This got me pondering. Obviously they are alien in the sense that they are not of earthly descent, however they are less 'alien' to earth, for example, than humans having inhabited earth two million years prior to humanity. Furthermore the legal definition of an alien is, 'a person who is not a citizen of the country.' Surely having some form of civilisation on the island (and suggested elsewhere) counts as settlement? Logically the aliens could not be more alien to that area than Europeans are to Australia, Yet as Australians we don't call ourselves alien to the land, having settled the land we are not originally from. Certainly they are extraterrestrial, but following this logic are they actually aliens?

I think it's an interesting question and one I'd like to hear other opinions on.

Cheers,
Sierra-93

Report abuse Games and 80’s action movies...

0 comments by Sierra-93 on Jan 4th, 2011

Hi there,
The following [which is sure to be a few meaty paragraphs by the time I've stopped madly tapping away at the keyboard and cleaving off any unwanted mind dribbles and grammatical mistakes (well *some* of them...)] is my thoughts on games that play like 80's action movies along with 80's action movies themselves…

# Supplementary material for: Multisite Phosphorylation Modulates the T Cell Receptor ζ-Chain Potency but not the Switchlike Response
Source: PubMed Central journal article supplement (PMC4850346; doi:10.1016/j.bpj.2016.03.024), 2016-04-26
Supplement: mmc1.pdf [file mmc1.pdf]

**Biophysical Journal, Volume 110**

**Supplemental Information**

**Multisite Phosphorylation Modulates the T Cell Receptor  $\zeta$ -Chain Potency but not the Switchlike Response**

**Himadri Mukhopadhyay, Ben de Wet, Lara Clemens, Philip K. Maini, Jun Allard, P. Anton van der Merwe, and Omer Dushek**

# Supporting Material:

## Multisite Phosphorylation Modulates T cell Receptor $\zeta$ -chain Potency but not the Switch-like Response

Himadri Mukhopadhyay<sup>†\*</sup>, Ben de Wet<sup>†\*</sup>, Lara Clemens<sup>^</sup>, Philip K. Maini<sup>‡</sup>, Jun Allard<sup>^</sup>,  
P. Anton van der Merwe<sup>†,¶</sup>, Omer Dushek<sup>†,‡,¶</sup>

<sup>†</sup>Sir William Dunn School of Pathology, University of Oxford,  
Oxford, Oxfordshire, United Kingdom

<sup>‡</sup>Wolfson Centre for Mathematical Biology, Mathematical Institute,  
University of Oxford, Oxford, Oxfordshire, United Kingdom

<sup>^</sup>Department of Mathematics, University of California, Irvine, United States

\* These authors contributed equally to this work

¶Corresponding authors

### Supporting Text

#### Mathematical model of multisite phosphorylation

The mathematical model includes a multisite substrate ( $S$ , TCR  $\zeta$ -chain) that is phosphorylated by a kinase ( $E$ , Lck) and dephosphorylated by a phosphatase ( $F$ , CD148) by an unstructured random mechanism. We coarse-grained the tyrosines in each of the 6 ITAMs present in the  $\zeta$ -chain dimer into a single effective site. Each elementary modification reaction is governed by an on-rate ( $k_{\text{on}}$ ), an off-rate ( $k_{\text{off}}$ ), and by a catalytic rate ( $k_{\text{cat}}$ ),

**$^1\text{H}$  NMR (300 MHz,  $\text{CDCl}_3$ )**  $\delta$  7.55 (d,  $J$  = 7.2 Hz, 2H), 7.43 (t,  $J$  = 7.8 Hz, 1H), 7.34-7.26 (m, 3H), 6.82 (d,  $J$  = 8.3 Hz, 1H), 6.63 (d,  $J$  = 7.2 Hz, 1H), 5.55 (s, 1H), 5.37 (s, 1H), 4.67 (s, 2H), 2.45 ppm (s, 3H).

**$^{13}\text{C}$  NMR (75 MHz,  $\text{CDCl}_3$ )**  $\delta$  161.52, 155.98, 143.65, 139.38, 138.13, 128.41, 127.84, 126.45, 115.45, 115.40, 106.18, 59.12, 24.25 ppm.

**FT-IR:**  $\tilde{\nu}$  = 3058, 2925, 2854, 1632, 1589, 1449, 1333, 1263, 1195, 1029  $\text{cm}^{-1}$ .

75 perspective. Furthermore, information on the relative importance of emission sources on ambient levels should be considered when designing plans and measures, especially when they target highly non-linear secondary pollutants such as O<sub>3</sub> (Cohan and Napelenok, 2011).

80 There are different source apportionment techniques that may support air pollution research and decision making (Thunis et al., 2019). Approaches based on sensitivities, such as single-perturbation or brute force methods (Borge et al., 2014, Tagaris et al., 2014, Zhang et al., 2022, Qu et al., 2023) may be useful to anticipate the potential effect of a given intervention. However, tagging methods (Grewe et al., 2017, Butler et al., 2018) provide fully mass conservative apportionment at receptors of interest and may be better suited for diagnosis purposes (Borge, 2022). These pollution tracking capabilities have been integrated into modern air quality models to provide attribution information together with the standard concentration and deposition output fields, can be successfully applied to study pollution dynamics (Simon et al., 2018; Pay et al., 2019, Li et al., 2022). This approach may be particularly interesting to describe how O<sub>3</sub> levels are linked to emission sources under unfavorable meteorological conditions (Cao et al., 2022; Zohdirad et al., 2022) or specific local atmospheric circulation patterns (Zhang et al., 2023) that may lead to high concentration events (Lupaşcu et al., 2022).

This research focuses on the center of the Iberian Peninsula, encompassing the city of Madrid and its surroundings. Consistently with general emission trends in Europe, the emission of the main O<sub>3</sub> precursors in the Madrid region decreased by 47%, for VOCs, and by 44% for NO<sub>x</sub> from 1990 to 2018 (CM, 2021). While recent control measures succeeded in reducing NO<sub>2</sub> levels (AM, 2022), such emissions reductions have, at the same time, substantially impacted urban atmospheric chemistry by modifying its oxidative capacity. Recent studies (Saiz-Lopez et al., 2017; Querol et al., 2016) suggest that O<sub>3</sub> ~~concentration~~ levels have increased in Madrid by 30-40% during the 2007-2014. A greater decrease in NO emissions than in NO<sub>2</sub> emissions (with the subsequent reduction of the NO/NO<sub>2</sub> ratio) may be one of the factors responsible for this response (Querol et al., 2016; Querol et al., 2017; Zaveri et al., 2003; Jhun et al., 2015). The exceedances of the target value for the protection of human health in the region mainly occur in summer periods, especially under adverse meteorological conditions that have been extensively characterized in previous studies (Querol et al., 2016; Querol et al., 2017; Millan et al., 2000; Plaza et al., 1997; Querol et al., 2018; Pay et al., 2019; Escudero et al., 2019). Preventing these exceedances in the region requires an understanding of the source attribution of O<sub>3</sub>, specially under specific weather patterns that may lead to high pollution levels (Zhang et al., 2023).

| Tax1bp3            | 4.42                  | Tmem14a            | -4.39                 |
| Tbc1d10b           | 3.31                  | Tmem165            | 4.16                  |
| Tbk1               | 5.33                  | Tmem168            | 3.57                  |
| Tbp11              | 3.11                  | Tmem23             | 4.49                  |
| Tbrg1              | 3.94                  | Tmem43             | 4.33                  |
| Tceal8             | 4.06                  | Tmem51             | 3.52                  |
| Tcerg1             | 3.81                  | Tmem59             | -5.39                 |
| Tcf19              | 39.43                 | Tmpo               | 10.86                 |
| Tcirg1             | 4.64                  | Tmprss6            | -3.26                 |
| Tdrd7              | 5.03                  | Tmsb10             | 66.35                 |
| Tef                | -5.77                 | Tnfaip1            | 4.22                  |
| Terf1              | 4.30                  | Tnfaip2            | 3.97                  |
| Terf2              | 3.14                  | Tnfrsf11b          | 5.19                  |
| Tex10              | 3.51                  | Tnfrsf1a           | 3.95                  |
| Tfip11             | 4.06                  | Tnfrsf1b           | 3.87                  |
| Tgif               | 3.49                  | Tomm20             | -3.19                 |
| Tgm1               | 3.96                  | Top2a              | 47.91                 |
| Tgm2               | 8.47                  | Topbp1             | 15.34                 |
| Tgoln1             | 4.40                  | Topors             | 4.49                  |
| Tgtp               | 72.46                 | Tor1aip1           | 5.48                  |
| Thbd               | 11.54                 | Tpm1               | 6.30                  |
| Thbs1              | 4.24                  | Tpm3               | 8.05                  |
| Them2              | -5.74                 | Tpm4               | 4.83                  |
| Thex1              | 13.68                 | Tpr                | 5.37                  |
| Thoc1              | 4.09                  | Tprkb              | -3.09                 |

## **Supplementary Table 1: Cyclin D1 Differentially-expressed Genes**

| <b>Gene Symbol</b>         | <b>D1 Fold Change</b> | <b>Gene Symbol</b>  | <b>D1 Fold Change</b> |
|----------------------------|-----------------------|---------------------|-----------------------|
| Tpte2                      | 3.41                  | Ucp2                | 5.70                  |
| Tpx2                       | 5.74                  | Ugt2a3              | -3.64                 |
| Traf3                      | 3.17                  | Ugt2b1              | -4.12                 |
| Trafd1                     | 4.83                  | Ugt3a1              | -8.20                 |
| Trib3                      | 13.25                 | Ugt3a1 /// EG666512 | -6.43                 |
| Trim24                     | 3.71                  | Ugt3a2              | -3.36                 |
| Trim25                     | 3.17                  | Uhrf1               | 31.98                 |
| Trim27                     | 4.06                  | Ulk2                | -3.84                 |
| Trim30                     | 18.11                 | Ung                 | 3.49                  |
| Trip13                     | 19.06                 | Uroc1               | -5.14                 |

80's action movies, like most things you either love them or you hate them. Granted I'm not talking about every 80's action movie, only the greats (at least in my mind!) such as Predator, Terminator, Alien (not 80's but close enough '79) and The Thing. I love these movies because well... they suck. But they suck in a good way (sounds dirty now that I've typed it down but it wasn’t intended to so lets move on…) you’re probably thinking, "What is this kid smoking?" Nothing, I can tell you that much. I will also tell you why I think they suck (in a good way!). They suck because they almost always feature the stereotypical  archetypal heroes such as the macho man who blows away bad guys and women’s bras. A guy who is eight feet tall, ripped to the bone and unlike most of us lads he has abs - instead of ab. This doesn't make a movie suck, but once you place the said character in a situation, surrounded by your stereotypical characters, bad guys and environment. Who all proceed to spit out stereotypical lines, blasting thousands of bullets into said bad guys without reloading; all the while huge explosions go off around them it kind of does. The bad guys fire happily away at our hero, who is standing out in the open not too fussed about the obscenities and 50 caliber bullets coming at him. This all makes for great fun to watch if you do it in the right mood, but definitely not the greatest film experience. For example the first time I watched predator, I watched it with my cousin. He hated the film because he watched it as a serious movie; I loved it because I laughed at its faults as though it was in good humour. At the one liners like, "If it bleeds, we can kill it. " I loved the over the top final fight scene and the nuclear explosion that our hero endured and seemingly shrugged off only to ride off into the horizon.